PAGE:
What's It Like to Be Darcelle? Now You Can Experience It in Virtual Reality.
You’re sitting in a car. Beside you, awesomely enough, is Portland legend Darcelle XV. People are cheering on either side of the street, applauding, laughing, screaming praise. “Darcelle, Darcelle, Darcelle!” Everyone loves you.
Then you turn the bend and there’s a sign with large red letters: “God hates you!” You notice another one: “REPENT, turn to Jesus or BURN.” Many faces appear contorted with rage. Someone is chanting into a microphone, “Drag Queen devil, Drag Queen devil!”
Everyone hates you.
This is what a new virtual-reality documentary—Through Darcelle’s Eyes, produced by Portland’s 360 Labs—is like. One moment you’re sitting on the couch with Darcelle’s alter-ego, Walter Cole, and he’s telling you things like, “Being happy keeps you young!” In the next, you’re forced to reckon viscerally with the bigotry and discrimination Darcelle has combated her whole life.
“In order to feel the love, you’ve got to feel the hate too,” says Brad Gill, who co-directed the film with Rachel Bracker. “It’s important for people to realize that it’s not easy to be who you are when there are people out there who just want to hurt you.”
The 87-year-old Darcelle, who is recognized by the Guinness Book of World Records as the world’s oldest drag queen, has spent the past 50 years advocating for the LGBTQ community in Portland. Though she’s no stranger to the silver screen (Oregon Public Broadcasting won a regional Emmy in 2016 for the documentary Darcelle XV), there is little LGBTQ content available in VR, which is partly why Darcelle jumped at the opportunity to work with 360 Labs, the co-directors say.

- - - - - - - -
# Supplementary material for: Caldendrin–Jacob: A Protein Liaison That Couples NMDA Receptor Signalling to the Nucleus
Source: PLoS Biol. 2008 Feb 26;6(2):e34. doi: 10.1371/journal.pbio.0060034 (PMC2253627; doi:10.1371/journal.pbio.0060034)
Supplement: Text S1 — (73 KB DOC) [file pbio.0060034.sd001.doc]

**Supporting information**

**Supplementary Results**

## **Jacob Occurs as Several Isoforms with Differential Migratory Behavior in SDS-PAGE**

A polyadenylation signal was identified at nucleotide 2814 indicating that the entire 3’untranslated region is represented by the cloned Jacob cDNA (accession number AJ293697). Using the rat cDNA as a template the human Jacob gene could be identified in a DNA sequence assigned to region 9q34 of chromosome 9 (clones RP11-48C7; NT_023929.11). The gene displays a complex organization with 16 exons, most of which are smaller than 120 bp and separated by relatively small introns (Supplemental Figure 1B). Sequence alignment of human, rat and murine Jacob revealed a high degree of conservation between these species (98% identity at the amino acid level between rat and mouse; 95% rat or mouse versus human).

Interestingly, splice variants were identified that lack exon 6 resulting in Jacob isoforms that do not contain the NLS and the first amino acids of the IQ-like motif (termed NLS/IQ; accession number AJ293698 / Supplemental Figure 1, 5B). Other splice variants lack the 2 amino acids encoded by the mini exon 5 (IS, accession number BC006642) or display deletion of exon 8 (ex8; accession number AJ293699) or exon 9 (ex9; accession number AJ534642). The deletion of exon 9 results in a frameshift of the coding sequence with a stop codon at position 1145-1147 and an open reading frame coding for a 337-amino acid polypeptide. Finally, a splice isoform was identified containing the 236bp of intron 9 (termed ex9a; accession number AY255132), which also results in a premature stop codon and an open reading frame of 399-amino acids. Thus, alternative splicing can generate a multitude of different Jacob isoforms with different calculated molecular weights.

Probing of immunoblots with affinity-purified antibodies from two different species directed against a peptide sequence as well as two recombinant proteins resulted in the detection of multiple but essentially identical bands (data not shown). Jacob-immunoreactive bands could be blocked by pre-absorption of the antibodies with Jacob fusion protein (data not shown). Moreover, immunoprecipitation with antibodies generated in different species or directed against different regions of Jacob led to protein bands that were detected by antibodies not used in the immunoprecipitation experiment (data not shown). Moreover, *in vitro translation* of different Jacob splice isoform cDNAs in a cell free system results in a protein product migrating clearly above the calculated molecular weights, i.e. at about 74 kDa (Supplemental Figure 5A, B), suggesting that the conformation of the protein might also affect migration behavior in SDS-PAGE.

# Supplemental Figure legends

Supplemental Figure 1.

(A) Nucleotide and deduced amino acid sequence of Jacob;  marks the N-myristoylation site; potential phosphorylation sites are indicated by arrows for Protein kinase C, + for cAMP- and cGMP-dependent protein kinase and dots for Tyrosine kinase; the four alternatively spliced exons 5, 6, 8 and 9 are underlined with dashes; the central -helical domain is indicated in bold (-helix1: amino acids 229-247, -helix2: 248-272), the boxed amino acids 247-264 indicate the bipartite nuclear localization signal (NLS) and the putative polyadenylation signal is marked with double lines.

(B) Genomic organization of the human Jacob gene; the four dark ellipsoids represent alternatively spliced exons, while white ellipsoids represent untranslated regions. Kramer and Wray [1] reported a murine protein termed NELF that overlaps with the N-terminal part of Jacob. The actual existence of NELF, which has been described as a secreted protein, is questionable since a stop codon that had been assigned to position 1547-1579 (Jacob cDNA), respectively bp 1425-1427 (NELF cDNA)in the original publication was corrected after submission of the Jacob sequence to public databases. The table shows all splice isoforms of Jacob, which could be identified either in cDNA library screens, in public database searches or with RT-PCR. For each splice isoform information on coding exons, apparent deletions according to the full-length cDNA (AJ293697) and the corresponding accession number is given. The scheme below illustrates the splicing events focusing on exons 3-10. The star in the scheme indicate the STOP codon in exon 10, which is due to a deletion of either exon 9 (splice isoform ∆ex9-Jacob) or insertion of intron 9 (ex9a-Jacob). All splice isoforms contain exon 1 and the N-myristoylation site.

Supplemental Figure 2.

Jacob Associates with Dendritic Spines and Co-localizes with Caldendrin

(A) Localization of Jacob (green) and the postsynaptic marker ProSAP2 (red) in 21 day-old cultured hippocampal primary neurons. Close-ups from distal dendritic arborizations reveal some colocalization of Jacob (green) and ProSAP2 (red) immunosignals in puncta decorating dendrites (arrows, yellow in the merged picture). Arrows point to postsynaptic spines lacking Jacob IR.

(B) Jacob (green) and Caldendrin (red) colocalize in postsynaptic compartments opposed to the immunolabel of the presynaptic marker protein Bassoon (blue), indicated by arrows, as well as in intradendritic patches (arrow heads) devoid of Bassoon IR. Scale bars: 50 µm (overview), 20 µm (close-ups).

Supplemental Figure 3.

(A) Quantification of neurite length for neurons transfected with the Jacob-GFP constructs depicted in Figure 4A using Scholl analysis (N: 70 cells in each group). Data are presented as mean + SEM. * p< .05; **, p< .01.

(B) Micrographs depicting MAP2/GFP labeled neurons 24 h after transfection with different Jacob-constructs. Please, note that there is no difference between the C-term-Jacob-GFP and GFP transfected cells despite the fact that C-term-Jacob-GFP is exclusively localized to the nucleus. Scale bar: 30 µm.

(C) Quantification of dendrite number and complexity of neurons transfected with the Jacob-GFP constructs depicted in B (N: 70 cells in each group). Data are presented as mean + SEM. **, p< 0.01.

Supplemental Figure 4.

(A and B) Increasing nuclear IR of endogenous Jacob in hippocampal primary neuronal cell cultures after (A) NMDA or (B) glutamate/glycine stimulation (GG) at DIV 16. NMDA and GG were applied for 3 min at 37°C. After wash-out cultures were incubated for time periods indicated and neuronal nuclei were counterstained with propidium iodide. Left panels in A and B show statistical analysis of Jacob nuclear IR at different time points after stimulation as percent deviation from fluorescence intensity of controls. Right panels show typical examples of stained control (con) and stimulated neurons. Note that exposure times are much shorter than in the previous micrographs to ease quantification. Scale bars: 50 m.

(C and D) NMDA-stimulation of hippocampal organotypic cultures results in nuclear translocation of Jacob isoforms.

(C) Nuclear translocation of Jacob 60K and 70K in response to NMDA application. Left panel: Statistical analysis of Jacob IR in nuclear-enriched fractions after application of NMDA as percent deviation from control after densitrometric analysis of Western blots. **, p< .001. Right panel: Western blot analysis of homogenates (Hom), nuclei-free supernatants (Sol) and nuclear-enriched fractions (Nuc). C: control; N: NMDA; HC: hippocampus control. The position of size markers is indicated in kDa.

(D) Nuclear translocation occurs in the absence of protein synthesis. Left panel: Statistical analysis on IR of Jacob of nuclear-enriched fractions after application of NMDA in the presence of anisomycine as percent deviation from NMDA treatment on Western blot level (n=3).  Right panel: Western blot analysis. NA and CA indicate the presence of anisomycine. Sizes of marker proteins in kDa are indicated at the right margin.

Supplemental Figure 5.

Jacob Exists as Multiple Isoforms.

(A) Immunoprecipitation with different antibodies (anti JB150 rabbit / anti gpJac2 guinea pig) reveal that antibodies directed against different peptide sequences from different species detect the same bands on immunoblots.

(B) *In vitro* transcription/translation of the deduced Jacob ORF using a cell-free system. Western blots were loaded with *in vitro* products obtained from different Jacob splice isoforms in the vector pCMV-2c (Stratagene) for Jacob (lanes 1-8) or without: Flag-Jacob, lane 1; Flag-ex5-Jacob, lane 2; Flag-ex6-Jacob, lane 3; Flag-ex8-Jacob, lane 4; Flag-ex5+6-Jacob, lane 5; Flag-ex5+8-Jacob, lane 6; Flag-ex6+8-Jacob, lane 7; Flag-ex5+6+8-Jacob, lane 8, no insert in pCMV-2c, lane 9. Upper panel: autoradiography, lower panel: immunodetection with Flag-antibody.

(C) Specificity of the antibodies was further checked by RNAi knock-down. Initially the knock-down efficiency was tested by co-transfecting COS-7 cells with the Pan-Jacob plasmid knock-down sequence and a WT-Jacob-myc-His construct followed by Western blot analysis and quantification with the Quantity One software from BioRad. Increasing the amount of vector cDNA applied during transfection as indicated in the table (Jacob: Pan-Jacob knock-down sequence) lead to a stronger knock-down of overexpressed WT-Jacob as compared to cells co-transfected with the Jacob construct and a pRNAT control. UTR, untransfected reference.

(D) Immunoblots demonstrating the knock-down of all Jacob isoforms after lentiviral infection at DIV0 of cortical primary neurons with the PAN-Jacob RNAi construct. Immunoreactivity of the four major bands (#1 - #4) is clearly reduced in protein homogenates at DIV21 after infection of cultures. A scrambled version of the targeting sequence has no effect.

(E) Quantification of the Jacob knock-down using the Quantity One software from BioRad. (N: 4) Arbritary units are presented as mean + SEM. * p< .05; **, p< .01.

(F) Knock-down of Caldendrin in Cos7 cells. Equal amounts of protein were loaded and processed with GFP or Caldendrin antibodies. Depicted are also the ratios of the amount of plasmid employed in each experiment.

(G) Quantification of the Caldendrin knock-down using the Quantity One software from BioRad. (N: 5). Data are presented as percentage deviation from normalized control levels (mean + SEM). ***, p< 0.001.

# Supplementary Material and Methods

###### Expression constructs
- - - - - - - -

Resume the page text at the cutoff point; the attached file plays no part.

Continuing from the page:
“Let’s say, you put on a VR headset and search ‘LGBTQ’ or ‘drag queens.’ You wouldn’t find anything about those stories in 360-degree VR,” says Bracker. “We definitely feel a sense of responsibility. We need more diversity when it comes to [stories] in VR.”
Because the film is shot in this manner, it’s also completely immersive, making you feel like you’re really there with Darcelle. That’s why scenes like the protest are so jolting: you experience (to an extent) what it’s like to be hated by people who don’t know the first thing about you.
But this is also what makes the scenes with Darcelle that much more intimate; her warmth and sage wisdom (and many a joke about Viagra) translate with a palpability not typically accessible via a TV set.
“It’s not easy, and Darcelle has not had an easy road at all,” says Bracker. “The happiness and success she has right now, she’s really given that to Portland. This city would not be what it is without her.”
Through Darcelle’s Eyes
7–9 p.m. Fri, Oct 19, NW Documentary, $15